Pressurized, with emotions flowing and the problems of the street coming inside, hospital emergency departments are also an area of security concern. There are examples that are growing in number of tragic endings. In September, a gunman shot a doctor at Johns Hopkins Hospital in Baltimore, and then killed himself and his mother. A man broke a chair and used one of its legs to beat a nurse at a Valley Stream, N.Y. hospital. That nurse needed eye surgery. Back in February, a gunman opened fire in an emergency department in a Laurinburg, N.C., hospital after participating in a bar fight.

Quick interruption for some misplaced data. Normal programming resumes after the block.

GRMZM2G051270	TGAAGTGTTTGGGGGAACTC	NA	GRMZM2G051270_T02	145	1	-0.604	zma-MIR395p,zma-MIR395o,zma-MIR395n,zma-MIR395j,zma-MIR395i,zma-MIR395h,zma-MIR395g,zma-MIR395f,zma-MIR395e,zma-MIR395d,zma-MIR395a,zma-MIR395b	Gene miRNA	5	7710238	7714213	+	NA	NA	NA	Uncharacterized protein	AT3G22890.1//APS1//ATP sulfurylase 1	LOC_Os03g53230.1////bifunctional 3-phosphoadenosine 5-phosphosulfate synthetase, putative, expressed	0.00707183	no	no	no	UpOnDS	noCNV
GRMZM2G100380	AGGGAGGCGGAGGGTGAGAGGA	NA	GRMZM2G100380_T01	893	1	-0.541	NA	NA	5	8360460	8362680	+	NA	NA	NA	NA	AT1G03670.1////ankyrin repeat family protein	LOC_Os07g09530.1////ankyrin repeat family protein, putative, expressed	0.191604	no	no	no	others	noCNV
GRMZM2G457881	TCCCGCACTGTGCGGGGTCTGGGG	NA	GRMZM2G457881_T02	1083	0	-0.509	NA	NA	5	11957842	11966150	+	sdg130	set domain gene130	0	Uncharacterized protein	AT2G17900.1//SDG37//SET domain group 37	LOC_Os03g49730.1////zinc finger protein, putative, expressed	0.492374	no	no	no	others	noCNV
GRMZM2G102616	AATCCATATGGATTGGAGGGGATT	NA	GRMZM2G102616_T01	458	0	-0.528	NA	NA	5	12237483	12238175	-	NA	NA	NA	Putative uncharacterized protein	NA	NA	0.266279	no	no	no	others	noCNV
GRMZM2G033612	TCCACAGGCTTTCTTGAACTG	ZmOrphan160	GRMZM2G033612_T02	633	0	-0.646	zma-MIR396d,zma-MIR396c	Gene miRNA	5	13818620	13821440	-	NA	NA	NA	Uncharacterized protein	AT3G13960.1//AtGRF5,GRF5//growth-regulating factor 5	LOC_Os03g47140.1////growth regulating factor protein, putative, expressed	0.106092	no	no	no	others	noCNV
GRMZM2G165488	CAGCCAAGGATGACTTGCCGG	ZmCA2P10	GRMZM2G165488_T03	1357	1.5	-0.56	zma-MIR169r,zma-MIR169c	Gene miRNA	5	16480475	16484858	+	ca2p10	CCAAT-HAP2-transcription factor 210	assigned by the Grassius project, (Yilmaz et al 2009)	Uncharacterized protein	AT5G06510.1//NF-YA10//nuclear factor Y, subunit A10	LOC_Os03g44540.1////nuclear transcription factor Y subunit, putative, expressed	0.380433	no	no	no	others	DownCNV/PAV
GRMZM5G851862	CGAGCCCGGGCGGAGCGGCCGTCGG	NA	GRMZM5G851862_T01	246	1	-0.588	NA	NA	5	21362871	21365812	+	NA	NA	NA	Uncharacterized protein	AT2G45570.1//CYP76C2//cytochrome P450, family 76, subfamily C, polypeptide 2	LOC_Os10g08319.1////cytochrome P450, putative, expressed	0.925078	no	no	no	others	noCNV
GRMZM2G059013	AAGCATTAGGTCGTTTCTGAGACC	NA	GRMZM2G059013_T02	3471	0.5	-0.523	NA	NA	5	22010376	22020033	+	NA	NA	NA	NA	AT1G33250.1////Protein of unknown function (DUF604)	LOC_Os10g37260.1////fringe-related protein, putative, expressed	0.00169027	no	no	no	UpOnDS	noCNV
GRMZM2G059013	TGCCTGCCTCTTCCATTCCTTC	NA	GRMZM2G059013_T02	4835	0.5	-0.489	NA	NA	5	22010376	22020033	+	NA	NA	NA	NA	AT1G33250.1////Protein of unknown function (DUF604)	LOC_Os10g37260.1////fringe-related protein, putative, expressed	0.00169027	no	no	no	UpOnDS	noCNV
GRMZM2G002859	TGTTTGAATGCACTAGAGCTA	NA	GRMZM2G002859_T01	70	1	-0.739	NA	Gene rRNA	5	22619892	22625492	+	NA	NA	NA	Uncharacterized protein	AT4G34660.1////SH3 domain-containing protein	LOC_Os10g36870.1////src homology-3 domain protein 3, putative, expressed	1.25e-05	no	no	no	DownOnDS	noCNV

A survey discovered that more than half of emergency nurses had been spit on, pushed, scratched and verbally assaulted on the job. One in four of the nearly 3,500 emergency room nurses reported being assaulted more than 20 times in the past three years, according to the Emergency Nurses Association. And the U.S. Occupational Safety and Health Administration estimates there are 2,600 non-fatal assaults on hospital staff each year.